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The Telegraph – The euro is “irreversible” and not in danger, says Draghi
The euro is “irreversible” and the beleaguered currency union is not in danger of collapsing, according to European Central Bank President Mario Draghi, who also argued that eurozone nations will eventually be bound even closer together. The central bank chief suggested that analysts who have been tracking the mounting sovereign debt crisis in Europe have been too pessimistic in forecasting worst-case scenarios for the currency and had not recognised the political will behind the eurozone. He was bullish on the future of the currency despite the escalating crisis in Spain, where stocks on Friday experienced their biggest one-day drop in two years, dragging other European markets down with them. The yields, or interest rates, on benchmark 10-year Spanish government bonds have also climbed even further beyond the 7pc threshold, which many market-watchers view as unsustainable. Mr Draghi claimed that the currency was “absolutely not” in danger when asked by France’s Le Monde newspaper in an interview. “We see analysts imagining the scenario of a euro zone blow-up,” he said. “They don’t recognise the political capital that our leaders have invested in this union and Europeans’ support. The euro is irreversible.”

Source: Bianco Research

Category: Currency, Think Tank

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5 Responses to “The Amazing Irreversible Euro”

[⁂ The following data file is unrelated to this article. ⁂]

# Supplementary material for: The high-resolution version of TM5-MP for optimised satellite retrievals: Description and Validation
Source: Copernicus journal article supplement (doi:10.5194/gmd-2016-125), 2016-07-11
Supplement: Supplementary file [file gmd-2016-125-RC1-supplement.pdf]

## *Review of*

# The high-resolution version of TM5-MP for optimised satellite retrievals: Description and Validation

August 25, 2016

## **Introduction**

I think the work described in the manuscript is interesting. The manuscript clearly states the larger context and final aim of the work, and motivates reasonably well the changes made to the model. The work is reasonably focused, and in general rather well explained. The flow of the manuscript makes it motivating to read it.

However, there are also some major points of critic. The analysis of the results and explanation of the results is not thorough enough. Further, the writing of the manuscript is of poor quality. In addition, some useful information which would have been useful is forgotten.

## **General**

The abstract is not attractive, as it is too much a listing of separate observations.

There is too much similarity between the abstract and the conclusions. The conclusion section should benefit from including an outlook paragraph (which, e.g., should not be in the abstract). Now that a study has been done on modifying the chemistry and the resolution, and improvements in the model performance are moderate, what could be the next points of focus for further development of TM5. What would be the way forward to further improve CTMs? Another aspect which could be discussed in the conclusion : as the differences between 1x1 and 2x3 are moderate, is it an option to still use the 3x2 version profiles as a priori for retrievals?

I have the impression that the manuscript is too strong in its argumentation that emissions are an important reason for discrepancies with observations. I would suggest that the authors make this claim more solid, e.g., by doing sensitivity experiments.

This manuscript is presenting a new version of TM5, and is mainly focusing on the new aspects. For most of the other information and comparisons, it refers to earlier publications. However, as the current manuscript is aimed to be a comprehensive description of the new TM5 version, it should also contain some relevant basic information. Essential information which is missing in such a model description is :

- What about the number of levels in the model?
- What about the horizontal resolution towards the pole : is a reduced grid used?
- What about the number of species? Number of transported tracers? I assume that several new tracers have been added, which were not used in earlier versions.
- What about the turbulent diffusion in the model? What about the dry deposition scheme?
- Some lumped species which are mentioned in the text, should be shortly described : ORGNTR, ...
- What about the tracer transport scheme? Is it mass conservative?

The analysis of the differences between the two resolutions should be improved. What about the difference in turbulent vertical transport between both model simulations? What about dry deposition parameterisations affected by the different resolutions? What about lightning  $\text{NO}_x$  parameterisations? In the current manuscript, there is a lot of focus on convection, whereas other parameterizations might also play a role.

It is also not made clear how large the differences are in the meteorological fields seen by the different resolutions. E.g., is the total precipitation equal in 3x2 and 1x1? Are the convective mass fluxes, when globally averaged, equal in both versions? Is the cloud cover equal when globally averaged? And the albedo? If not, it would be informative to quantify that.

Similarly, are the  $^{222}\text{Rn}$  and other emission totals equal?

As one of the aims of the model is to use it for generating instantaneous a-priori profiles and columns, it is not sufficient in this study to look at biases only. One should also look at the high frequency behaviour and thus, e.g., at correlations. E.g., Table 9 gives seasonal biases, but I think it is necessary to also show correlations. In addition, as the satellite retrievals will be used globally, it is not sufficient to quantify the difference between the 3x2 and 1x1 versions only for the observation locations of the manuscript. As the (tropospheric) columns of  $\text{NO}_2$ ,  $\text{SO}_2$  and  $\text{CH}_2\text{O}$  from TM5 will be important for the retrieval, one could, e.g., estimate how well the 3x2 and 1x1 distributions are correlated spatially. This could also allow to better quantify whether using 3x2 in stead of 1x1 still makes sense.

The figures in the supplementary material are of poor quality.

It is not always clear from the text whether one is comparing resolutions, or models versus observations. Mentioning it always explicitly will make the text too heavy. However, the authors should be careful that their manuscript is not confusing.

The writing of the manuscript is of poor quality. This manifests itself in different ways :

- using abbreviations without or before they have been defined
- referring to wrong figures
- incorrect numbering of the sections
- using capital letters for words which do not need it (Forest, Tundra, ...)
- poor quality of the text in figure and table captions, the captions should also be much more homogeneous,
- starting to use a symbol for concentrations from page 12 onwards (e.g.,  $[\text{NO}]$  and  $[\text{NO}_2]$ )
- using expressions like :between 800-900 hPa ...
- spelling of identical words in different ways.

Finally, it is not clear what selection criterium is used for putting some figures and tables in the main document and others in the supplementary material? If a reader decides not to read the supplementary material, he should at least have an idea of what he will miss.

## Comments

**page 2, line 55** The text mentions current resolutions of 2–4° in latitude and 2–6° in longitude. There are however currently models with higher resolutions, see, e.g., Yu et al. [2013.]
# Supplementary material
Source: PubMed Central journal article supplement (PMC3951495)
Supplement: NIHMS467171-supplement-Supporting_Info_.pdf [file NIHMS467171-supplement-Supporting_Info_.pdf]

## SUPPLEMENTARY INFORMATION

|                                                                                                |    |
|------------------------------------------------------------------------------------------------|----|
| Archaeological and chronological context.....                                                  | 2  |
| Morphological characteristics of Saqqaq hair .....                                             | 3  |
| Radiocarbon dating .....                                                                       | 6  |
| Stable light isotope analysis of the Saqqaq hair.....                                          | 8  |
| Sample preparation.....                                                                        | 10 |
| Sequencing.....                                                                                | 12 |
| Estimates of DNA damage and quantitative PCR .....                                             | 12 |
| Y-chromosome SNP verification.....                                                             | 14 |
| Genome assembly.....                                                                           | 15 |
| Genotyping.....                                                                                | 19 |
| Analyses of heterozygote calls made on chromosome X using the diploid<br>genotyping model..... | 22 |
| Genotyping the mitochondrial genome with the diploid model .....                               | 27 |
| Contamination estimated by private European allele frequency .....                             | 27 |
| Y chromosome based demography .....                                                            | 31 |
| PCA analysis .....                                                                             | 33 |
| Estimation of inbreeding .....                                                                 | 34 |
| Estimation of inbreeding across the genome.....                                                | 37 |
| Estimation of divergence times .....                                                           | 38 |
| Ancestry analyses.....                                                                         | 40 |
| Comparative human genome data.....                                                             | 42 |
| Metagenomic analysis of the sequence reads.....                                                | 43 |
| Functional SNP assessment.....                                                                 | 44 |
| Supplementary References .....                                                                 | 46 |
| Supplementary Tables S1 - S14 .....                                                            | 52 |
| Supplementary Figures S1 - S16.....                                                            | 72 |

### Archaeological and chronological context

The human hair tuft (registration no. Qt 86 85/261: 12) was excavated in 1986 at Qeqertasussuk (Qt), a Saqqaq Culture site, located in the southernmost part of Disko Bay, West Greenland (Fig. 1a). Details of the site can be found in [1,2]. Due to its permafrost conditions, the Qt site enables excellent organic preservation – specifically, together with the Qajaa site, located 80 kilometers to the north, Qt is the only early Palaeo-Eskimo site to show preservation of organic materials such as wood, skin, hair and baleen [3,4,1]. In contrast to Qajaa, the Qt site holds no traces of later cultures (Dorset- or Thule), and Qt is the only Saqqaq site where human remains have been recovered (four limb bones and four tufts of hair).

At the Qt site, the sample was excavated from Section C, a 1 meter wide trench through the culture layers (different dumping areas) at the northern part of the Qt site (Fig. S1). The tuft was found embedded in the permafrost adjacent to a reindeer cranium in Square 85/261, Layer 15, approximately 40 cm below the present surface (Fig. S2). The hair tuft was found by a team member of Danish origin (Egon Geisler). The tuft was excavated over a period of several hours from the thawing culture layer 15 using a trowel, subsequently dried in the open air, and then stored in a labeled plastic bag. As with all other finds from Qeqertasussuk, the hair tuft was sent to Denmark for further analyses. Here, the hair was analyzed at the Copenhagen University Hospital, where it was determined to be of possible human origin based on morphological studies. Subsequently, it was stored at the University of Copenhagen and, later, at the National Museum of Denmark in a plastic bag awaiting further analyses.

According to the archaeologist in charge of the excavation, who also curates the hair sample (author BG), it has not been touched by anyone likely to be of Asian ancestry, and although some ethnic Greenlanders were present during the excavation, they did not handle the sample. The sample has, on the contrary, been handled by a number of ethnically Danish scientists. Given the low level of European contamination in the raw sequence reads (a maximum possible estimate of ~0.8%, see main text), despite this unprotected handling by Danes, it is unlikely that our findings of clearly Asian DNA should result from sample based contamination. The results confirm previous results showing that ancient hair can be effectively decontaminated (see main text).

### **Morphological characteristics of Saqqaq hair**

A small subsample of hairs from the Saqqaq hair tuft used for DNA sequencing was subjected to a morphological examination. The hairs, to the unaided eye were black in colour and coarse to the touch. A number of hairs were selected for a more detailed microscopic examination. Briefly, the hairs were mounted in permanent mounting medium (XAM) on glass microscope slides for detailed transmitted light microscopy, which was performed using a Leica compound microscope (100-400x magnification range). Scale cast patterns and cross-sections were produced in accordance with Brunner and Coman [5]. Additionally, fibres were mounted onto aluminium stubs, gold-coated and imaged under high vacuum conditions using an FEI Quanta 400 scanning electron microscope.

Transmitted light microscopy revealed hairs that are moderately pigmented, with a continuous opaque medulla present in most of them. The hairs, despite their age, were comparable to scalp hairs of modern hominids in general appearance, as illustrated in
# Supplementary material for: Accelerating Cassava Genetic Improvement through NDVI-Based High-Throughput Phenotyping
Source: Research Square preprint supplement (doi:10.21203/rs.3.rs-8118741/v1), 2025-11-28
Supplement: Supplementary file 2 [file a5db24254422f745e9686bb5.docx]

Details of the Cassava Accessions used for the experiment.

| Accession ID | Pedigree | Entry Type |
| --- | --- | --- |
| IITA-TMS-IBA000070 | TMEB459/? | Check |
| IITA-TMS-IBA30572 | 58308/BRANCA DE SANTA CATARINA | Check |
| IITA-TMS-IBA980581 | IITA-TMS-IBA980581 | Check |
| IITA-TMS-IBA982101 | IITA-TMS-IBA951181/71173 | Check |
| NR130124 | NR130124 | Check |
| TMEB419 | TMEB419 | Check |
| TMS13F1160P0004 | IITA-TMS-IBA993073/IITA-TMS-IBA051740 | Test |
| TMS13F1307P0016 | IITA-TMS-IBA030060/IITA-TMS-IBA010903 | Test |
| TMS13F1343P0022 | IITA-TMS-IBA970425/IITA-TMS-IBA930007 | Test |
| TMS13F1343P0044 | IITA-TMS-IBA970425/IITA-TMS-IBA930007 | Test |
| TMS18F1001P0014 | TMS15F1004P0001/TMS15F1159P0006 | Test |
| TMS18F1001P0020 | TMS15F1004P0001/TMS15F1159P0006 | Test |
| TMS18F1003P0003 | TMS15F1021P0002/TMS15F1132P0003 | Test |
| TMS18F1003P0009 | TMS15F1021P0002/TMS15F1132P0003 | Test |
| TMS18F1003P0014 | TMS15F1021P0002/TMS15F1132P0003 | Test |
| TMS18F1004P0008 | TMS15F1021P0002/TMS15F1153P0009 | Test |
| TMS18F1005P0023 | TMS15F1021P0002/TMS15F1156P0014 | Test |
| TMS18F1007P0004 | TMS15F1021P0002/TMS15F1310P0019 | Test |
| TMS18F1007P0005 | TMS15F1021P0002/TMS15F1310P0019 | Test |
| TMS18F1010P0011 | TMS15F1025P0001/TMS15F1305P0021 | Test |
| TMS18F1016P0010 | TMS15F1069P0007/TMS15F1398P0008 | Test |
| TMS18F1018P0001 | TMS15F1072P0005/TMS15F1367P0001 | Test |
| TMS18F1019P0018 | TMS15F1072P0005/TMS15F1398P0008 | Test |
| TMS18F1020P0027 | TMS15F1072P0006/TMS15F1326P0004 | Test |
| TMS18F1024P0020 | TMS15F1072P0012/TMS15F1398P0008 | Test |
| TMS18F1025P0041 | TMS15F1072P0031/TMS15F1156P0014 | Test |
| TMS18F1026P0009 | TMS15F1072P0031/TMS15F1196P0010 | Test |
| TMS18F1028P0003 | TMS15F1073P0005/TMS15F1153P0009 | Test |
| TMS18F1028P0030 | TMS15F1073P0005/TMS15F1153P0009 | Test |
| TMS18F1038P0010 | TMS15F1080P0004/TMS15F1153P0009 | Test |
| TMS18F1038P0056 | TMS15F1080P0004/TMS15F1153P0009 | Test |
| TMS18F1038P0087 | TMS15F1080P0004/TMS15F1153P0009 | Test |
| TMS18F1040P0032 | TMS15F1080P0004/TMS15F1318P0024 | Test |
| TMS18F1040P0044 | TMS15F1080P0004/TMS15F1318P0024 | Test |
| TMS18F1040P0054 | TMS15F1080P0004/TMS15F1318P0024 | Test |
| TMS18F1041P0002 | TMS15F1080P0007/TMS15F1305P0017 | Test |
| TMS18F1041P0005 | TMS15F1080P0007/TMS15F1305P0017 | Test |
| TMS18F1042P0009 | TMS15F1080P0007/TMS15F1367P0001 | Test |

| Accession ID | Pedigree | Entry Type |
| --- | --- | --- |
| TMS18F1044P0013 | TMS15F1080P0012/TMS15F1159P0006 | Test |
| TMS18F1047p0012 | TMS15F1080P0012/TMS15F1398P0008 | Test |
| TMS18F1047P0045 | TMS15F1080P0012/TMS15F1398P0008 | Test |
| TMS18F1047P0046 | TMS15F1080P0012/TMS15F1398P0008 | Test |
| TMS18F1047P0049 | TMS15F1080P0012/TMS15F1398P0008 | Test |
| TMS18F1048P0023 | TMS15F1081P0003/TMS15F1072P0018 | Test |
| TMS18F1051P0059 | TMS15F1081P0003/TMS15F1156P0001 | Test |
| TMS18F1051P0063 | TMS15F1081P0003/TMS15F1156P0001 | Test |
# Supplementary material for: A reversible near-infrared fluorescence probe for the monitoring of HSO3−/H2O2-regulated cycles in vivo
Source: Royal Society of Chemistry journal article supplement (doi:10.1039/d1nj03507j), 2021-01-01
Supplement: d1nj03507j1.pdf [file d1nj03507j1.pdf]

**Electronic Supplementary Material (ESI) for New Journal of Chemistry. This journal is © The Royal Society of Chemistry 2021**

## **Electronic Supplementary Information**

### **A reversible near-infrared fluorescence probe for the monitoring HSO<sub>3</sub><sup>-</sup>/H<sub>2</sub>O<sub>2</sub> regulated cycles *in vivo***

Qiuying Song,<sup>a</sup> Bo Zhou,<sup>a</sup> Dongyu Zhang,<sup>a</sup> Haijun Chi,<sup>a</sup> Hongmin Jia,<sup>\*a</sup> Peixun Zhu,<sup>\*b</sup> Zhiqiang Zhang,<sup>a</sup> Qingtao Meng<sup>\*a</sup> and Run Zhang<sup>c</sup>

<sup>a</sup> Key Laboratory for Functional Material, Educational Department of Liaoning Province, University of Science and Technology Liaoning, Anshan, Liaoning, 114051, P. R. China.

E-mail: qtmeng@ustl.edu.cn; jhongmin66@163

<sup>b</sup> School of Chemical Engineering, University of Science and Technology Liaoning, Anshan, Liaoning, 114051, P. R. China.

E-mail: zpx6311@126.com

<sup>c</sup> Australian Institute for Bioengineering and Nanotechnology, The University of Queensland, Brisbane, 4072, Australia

1. Tutti says:

    “You keep using that word. I do not think it means what you think it means.” — Inigo Montoya

  2. Francois says:

    There are 3 irreversible elements in this Universe: death, taxes and bullshit.

    Mr. Draghi is swimming in the 3rd element.

  3. VennData says:

    Taxes are not irreversable if you have Romney’s accountants.

  4. endorendil says:

    Take him at his word. The euro is here to stay for all the core countries. Greece might not stay and if it should leave (they’re not known for making smart economic decisions) it will be looking to join again (at a different exchange rate) in a decade or so, but at the core the issues are actually trivial: you do not want to determine international competitiveness by changing exchange rates, you want countries (at least at the small sizes of those in Europe) to find their niches and work them.
    On a more general note, you’ll find that the euro is still stronger than the dollar when they started out – despite the internet bubble lifting the dollar at that time. Moreover, I still believe that the weakness of the euro is artificial: the eurozone is no worse off than the US in policitical decisions on economical matters, and fiscally it’s just not even close. The politicians figured out a way to talk down the euro by more than 20% against the dollar and the yuan – not bad for dithering, is it? Sure there is room for more federalization is Europe, and it seems even likely that that may help the real economy. On the other hand, is there room for de-federalization in the US? Or rather, are US citizens willing to start feel more like Texans, Alaskans, Kansans and Californians than as Americans? Is anyone saying that this wouldn’t be beneficial to the stronger states? It’s not like being part of the US isn’t costing some states a huge amount of money. So aren’t we looking at upside for the euro, and nothing but downside for the dollar?
    There just isn’t a long-term negative to Europe from having the euro. The adjustments internally are wrenching – as they are in the US – and there is a structural problem with some regions – as there is in the US. But the economics – and politics – are clear for the vast majority of Europeans – much more than they are in the US. The benefits of being the largest trading block in the world are undisputed.
    In fact, here is something that Americans would do well to remember: the EU is the largest trading partner of China. And it is an essentially balanced trade account. A more competitive Europe … well, the US should damn well fear it.